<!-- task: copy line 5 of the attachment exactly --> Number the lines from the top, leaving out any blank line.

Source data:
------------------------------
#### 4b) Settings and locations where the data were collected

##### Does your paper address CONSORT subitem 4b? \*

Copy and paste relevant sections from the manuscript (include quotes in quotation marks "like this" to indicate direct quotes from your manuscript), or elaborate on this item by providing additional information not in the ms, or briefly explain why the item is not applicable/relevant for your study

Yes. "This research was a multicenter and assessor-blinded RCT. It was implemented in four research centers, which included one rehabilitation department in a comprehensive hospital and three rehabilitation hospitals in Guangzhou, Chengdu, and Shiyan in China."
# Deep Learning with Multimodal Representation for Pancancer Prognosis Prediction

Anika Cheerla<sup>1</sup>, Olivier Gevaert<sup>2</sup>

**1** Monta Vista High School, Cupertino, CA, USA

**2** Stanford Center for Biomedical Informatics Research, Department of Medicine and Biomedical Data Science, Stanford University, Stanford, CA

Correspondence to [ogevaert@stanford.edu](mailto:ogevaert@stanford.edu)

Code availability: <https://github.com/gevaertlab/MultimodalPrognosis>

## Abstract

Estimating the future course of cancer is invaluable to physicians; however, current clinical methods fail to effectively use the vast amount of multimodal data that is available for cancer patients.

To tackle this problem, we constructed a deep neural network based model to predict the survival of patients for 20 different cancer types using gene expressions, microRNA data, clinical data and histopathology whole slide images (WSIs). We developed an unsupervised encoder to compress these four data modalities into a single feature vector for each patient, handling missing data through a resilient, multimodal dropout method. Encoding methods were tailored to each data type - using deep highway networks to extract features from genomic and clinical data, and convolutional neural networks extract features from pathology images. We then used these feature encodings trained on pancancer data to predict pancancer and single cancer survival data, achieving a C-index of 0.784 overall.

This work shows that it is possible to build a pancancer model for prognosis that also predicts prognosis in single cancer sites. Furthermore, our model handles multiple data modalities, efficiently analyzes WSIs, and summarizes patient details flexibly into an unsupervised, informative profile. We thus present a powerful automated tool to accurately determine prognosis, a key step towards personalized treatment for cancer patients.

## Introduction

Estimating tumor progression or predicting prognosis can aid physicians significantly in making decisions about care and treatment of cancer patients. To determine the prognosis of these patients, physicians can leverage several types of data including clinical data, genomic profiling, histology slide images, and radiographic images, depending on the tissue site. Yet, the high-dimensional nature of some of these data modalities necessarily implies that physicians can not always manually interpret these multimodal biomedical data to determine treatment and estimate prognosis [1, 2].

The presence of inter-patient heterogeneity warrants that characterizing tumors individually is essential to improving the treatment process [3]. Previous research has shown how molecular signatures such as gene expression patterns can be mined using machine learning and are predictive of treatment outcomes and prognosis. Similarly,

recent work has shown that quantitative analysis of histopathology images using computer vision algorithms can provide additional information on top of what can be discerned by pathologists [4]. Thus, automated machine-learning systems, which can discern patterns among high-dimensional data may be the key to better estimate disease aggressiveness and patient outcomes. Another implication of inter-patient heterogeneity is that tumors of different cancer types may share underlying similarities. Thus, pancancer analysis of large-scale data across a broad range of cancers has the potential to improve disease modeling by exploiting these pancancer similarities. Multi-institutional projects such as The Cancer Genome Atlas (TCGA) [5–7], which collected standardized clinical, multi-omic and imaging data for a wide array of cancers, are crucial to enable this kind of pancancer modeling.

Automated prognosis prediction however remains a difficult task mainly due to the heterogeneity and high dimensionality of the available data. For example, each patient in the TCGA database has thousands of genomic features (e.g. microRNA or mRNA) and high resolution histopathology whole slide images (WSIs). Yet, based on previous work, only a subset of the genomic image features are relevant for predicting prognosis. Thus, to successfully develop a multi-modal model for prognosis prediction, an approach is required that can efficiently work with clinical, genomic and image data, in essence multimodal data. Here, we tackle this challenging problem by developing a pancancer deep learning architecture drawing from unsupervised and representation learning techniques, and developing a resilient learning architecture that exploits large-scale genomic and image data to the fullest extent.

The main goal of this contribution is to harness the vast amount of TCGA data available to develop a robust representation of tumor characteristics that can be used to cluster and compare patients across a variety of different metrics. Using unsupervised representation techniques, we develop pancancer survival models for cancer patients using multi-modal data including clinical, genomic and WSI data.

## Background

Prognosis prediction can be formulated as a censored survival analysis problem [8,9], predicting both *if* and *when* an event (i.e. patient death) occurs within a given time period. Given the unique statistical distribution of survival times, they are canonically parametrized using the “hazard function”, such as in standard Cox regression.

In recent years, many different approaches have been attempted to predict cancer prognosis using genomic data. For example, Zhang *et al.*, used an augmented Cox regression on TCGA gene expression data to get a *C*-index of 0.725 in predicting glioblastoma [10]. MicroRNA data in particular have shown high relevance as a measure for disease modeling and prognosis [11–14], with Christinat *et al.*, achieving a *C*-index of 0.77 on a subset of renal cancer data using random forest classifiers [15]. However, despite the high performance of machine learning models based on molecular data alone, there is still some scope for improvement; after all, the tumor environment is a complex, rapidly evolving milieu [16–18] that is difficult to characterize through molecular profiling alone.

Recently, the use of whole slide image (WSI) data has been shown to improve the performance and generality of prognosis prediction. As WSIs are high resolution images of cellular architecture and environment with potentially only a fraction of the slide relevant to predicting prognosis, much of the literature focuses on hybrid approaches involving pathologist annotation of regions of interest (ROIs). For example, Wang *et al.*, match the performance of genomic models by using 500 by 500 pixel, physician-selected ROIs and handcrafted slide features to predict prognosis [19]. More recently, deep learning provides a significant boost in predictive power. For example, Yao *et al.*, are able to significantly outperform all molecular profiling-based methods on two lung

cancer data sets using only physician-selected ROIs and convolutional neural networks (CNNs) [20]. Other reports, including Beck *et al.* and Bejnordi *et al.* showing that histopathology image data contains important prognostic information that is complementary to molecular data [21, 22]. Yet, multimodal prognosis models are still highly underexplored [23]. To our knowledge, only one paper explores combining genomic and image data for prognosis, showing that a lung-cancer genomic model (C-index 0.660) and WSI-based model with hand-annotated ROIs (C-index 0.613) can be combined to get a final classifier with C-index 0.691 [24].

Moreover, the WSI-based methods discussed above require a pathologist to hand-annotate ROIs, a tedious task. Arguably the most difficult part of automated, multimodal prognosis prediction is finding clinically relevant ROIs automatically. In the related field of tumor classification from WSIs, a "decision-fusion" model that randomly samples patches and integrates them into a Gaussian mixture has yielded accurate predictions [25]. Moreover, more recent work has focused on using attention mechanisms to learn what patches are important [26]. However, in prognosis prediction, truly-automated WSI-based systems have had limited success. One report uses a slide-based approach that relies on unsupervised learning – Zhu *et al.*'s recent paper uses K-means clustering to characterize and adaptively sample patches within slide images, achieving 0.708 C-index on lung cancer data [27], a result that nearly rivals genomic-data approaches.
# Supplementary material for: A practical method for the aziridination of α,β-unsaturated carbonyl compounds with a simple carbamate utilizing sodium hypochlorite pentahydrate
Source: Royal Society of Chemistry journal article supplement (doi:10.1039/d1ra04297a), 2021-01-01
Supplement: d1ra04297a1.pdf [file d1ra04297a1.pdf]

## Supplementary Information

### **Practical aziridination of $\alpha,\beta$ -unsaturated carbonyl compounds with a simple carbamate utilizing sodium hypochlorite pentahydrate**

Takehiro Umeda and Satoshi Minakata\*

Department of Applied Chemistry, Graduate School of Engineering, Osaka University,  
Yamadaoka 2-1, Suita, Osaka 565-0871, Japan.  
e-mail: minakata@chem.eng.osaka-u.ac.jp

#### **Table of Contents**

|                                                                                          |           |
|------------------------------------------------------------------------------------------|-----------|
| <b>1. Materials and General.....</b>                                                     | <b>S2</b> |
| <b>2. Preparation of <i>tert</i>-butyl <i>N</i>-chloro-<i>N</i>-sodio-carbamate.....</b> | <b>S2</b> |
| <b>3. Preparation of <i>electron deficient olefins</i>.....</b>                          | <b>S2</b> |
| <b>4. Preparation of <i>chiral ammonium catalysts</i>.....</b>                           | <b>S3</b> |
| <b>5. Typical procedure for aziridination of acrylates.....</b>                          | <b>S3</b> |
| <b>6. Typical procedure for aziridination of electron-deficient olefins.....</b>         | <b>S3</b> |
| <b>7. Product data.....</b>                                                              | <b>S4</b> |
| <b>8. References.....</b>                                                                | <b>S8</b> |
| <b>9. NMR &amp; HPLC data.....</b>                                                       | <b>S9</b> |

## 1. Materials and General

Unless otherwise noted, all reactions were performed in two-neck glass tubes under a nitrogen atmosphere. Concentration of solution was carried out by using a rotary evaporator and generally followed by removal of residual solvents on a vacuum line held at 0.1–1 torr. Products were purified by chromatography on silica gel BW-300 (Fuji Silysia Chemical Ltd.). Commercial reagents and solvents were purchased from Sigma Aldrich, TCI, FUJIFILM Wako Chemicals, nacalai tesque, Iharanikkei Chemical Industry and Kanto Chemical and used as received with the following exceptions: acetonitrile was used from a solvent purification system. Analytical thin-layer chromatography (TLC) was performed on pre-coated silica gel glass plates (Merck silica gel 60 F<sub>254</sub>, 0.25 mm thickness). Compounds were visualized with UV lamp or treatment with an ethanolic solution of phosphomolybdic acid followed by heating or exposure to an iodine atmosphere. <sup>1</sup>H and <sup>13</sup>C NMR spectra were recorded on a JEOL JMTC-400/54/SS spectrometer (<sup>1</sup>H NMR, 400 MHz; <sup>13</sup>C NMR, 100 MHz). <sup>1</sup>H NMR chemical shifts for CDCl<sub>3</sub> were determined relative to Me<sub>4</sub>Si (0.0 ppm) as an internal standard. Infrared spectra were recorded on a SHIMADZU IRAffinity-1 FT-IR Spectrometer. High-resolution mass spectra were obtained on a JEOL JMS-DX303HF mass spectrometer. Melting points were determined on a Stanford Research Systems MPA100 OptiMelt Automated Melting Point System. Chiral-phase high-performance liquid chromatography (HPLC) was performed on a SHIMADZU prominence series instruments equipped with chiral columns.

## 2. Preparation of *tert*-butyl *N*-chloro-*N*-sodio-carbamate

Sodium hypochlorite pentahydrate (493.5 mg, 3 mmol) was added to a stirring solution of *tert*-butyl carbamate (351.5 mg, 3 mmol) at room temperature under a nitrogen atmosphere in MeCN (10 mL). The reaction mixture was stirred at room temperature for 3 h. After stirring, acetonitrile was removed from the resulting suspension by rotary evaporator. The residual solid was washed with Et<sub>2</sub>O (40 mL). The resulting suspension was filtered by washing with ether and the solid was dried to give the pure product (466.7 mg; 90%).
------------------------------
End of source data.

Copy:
# Deep Learning with Multimodal Representation for Pancancer Prognosis Prediction